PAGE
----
Visualising war: Photojournalism under fire

Authors: Allan, S. and Sreedharan, C.

Pages: 93-105

ISBN: 9780415712910

DOI: 10.4324/9781315850979

Source: Scopus

Visualising War: Photojournalism Under Fire

Authors: Allan, S. and Sreedharan, C.

Editors: Robinson, P., Seib, P. and Frohlich, R.

Pages: 93-105

Publisher: Routledge


The importance of bearing witness to what is transpiring in harrowing circumstances is a time-honoured lynchpin of war and conflict reporting (Allan, 2013; Azoulay, 2012; Batchen et al., 2012; Griffin, 2010; Hoskins and O’Loughlin, 2010; Kennedy and Patrick, 2014; Linfield 2010; Matheson and Allan, 2009; Parry, 2010, 2011; Stallabrass, 2013; Zelizer, 2010). Risk-taking is perceived to be ‘part of the job’, routinely accepted as being inescapable when the demands of image-making require closer proximity than reason dictates (Robert Capa’s well-known maxim, ‘If your picture isn’t good enough, you’re not close enough’, is recurrently upheld as a professional ideal). In striving to render problematic ‘our cameramediated knowledge of war’ (Sontag, 2003), this chapter explores a number of pressing questions confronting news photographers – both professionals of the craft and bystanders’ offering improvised contributions to newsmaking – committed to relaying what they see unfolding before them, however harrowing it may be. More specifically, the discussion examines a set of issues concerning war photography in relation to the Iraqi, Libyan and Syrian conflicts. This mode of enquiry strives to provide a basis to further elucidate the ethical imperative to bear witness as an epistemic conviction of war photography, particularly with regard to how it is being recast by citizens who find themselves compelled to generate their own embodied forms of visual documentation in war zones. In so doing, this chapter will endeavour to illuminate how war photography is evolving under pressure to rewrite the relationship between professionals and their citizen counterparts.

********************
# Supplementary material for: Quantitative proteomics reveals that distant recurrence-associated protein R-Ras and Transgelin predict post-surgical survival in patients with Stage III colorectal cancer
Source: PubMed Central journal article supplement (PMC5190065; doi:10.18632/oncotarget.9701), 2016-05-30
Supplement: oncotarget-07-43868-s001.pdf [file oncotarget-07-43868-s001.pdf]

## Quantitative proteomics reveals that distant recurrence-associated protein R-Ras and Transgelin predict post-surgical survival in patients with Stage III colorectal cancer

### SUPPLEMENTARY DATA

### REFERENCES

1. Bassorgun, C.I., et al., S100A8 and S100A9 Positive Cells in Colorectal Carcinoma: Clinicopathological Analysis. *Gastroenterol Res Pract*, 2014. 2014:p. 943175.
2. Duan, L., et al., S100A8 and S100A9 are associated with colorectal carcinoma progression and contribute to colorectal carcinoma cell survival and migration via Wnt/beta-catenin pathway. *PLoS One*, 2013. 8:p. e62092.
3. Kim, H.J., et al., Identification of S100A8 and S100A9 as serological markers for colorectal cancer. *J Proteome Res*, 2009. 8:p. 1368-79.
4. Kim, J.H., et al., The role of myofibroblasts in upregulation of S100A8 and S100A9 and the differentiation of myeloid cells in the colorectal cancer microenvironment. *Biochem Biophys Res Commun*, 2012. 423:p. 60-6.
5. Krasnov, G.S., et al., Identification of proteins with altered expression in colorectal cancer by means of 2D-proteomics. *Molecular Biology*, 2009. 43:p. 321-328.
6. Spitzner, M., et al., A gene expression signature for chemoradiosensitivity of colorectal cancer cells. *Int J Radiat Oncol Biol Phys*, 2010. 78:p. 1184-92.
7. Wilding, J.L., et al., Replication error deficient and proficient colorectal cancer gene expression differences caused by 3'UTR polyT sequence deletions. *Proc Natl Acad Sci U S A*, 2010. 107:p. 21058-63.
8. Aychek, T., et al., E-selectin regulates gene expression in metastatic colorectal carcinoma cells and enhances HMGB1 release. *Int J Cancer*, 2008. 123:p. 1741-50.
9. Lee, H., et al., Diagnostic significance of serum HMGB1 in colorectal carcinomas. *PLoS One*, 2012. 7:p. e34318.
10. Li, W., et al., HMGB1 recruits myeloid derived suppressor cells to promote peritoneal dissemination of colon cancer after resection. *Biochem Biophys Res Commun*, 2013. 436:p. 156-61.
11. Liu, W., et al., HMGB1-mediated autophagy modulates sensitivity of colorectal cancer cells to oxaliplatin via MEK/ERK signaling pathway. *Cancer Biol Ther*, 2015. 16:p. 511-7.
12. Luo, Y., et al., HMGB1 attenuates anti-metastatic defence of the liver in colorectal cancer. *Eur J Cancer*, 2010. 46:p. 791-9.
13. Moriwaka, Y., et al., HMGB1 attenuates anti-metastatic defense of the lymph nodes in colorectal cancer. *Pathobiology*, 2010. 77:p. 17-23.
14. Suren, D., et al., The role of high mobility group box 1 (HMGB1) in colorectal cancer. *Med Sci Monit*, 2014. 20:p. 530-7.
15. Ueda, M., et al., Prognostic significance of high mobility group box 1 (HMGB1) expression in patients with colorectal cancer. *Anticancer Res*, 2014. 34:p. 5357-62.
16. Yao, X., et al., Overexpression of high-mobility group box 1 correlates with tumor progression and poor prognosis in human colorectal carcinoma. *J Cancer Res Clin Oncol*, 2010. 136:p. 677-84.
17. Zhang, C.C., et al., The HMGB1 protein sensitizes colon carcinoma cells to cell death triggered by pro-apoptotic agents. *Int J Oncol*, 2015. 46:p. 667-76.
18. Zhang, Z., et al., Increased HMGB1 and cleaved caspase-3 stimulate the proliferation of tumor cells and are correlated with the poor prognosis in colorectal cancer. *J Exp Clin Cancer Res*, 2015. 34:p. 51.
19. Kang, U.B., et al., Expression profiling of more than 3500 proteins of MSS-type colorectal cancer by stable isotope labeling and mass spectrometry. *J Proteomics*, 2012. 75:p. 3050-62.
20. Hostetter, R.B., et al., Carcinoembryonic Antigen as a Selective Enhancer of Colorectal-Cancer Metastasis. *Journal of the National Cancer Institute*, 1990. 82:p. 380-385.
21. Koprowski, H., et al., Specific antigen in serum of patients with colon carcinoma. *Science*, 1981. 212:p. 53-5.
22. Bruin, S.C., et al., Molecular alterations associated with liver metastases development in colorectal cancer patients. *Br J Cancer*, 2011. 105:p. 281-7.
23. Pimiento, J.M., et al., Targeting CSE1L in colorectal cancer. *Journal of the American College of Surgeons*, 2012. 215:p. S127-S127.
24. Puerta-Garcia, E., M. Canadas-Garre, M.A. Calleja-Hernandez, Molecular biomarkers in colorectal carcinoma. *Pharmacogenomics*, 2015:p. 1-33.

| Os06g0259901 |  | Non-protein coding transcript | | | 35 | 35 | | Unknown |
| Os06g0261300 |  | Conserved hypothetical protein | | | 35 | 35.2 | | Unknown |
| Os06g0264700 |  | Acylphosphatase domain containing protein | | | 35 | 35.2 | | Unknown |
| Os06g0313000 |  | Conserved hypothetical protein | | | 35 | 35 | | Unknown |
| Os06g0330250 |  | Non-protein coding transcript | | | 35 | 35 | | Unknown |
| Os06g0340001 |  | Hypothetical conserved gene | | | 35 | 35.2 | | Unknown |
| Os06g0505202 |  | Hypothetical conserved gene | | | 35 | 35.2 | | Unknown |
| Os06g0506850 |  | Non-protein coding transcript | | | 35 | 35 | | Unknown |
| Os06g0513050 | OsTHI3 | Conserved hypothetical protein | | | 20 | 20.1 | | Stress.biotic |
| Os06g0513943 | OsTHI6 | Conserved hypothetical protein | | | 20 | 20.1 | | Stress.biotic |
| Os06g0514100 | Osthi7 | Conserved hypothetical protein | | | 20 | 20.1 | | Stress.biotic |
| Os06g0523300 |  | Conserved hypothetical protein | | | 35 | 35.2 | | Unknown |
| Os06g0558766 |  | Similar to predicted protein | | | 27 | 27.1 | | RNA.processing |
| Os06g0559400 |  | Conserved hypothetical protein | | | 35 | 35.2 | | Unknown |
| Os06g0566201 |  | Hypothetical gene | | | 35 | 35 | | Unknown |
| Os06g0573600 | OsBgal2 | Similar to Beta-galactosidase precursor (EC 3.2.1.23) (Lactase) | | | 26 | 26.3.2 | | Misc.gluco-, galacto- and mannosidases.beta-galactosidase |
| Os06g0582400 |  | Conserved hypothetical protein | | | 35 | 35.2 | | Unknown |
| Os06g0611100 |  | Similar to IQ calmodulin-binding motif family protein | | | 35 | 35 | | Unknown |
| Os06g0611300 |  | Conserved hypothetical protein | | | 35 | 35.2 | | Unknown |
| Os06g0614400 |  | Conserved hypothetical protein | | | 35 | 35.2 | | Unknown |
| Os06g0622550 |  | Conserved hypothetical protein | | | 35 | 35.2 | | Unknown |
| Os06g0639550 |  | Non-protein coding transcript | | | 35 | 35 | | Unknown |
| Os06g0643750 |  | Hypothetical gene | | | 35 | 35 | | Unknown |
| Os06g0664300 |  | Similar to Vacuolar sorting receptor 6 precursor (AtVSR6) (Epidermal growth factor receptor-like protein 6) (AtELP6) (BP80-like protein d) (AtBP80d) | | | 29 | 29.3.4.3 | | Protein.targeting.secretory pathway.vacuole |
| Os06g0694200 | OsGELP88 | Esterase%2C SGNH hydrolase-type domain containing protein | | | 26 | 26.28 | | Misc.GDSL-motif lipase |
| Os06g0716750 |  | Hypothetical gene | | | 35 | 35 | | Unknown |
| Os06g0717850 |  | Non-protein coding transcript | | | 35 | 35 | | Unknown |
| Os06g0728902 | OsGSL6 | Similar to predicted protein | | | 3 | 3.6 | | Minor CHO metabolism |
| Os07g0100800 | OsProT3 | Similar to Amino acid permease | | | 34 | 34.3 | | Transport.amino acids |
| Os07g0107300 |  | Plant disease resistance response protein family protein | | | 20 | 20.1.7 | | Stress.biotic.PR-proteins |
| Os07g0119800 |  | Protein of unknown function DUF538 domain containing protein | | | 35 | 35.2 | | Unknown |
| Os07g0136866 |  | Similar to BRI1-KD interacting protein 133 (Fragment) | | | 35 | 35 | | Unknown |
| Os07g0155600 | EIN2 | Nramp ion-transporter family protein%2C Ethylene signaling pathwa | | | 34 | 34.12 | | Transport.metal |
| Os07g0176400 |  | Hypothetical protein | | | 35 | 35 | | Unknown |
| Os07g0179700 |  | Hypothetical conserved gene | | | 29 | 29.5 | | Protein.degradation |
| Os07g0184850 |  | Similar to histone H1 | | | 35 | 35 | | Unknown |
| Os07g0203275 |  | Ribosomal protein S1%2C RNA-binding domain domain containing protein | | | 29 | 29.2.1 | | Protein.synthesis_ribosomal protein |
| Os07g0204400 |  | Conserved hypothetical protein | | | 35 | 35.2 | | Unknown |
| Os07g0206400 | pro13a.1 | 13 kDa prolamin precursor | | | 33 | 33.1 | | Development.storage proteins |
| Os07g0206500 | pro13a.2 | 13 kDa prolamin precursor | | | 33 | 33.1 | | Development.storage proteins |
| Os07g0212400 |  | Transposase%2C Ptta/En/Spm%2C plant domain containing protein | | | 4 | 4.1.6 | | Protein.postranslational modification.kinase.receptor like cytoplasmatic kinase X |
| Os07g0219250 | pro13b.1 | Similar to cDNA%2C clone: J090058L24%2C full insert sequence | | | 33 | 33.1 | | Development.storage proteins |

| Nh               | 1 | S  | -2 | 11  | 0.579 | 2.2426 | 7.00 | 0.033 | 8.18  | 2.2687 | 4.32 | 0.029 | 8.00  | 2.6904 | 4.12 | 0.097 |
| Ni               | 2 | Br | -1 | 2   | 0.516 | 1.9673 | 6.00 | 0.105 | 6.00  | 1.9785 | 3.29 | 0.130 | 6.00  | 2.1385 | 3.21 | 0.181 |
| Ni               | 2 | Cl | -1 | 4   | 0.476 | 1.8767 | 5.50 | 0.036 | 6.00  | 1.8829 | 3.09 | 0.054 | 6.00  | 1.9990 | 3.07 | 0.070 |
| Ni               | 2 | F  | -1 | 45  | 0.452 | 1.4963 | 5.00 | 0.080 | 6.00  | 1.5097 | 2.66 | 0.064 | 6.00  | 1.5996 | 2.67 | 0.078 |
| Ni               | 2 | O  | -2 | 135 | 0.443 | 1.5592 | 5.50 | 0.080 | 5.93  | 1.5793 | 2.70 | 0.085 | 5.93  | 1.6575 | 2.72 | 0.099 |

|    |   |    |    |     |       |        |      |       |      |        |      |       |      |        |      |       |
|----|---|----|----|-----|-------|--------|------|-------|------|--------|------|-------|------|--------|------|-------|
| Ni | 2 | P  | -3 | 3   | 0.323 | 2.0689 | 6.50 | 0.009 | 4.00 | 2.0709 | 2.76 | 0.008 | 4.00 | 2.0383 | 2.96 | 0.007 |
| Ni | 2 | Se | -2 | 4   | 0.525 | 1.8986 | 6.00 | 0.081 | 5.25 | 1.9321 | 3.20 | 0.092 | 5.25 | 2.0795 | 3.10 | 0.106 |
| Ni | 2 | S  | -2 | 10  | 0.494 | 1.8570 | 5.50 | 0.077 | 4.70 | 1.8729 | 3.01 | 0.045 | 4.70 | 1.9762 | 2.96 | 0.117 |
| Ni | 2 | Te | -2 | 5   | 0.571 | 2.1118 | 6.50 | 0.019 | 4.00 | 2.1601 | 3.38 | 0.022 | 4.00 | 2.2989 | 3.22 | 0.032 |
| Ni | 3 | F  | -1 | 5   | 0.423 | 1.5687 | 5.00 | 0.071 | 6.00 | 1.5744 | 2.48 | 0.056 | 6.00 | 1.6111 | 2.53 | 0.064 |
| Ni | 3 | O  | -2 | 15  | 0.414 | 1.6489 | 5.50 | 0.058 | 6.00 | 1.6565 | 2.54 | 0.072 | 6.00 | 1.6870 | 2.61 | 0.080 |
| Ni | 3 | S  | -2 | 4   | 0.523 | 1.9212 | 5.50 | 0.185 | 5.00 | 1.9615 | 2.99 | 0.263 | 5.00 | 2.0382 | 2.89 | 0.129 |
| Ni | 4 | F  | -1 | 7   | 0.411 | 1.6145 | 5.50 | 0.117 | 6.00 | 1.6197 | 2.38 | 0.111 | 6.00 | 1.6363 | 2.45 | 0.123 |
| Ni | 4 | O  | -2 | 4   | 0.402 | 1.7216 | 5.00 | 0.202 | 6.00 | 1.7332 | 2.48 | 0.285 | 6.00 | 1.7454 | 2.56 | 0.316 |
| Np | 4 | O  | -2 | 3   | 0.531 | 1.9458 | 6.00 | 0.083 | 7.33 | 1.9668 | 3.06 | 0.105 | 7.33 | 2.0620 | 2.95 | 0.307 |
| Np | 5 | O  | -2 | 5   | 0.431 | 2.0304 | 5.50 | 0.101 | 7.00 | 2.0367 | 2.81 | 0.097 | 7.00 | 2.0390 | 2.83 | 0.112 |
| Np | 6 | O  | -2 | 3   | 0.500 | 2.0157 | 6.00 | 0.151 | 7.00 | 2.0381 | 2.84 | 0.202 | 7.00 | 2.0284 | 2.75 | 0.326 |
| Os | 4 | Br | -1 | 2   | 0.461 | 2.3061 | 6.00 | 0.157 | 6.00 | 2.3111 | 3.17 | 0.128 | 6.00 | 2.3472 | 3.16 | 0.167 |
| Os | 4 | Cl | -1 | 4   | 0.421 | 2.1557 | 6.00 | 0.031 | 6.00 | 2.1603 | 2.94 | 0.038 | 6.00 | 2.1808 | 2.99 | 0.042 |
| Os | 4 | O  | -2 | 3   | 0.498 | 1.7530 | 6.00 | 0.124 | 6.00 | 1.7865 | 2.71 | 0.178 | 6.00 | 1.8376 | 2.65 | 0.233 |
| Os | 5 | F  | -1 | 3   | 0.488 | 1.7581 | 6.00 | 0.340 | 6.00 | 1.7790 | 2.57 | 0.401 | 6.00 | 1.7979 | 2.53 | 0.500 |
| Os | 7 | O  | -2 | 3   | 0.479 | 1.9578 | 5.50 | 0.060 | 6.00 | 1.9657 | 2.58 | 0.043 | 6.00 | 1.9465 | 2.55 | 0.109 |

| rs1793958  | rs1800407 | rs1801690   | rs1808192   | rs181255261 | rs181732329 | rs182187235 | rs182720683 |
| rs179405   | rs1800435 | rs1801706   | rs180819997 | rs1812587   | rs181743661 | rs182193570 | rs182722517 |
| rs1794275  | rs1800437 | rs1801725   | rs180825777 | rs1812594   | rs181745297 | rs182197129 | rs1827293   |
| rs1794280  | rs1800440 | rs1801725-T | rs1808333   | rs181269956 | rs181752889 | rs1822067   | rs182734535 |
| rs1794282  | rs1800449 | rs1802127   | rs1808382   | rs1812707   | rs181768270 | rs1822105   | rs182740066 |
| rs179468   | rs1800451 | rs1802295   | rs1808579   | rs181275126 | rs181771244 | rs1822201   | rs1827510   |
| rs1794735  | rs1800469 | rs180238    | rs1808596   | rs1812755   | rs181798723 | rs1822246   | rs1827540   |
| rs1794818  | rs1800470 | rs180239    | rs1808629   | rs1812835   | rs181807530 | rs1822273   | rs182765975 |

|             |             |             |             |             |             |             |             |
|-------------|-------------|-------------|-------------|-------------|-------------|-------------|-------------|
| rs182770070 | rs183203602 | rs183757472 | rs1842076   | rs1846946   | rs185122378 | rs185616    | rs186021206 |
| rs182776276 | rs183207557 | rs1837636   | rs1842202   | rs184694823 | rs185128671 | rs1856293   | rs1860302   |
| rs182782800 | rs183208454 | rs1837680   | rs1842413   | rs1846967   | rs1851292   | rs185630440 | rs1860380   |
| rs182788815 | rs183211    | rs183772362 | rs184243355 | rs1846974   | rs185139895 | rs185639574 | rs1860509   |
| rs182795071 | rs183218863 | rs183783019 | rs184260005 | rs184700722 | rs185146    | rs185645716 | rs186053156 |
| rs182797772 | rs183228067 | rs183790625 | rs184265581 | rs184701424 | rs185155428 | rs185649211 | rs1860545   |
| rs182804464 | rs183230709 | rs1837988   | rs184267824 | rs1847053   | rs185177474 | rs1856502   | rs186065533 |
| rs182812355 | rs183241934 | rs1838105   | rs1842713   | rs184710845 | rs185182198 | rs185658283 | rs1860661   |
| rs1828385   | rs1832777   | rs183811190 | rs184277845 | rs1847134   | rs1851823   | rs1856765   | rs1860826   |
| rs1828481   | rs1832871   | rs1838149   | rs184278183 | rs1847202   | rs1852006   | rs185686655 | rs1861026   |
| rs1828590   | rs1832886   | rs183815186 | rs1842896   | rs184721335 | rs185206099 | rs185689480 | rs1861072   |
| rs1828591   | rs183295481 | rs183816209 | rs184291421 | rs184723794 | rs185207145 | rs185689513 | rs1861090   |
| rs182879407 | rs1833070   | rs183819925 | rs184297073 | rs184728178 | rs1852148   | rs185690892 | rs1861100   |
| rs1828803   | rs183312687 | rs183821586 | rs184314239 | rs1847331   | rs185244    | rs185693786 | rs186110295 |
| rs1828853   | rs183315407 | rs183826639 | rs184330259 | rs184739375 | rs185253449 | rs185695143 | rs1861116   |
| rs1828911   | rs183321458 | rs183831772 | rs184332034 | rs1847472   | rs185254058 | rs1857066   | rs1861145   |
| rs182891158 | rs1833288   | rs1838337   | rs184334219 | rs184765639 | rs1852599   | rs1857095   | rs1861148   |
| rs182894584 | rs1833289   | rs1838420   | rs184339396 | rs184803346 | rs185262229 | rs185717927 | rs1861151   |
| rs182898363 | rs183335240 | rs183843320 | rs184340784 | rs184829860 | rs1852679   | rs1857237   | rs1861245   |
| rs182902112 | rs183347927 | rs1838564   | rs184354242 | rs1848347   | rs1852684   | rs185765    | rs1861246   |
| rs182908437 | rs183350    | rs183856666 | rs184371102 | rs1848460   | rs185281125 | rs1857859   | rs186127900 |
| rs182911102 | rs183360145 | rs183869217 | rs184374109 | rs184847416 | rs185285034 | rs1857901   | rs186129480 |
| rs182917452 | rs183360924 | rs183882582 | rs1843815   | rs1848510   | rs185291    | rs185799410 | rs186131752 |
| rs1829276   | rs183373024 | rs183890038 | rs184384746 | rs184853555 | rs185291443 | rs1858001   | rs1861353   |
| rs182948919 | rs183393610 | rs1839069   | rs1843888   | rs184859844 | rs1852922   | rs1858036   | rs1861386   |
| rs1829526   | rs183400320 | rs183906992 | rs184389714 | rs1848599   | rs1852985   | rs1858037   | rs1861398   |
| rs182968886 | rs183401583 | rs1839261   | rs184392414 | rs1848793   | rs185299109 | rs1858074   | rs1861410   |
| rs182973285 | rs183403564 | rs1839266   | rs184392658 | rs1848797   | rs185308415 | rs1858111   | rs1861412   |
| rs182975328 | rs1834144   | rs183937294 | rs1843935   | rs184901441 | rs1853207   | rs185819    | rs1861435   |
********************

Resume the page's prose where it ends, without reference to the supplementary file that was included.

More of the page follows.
Source: Manual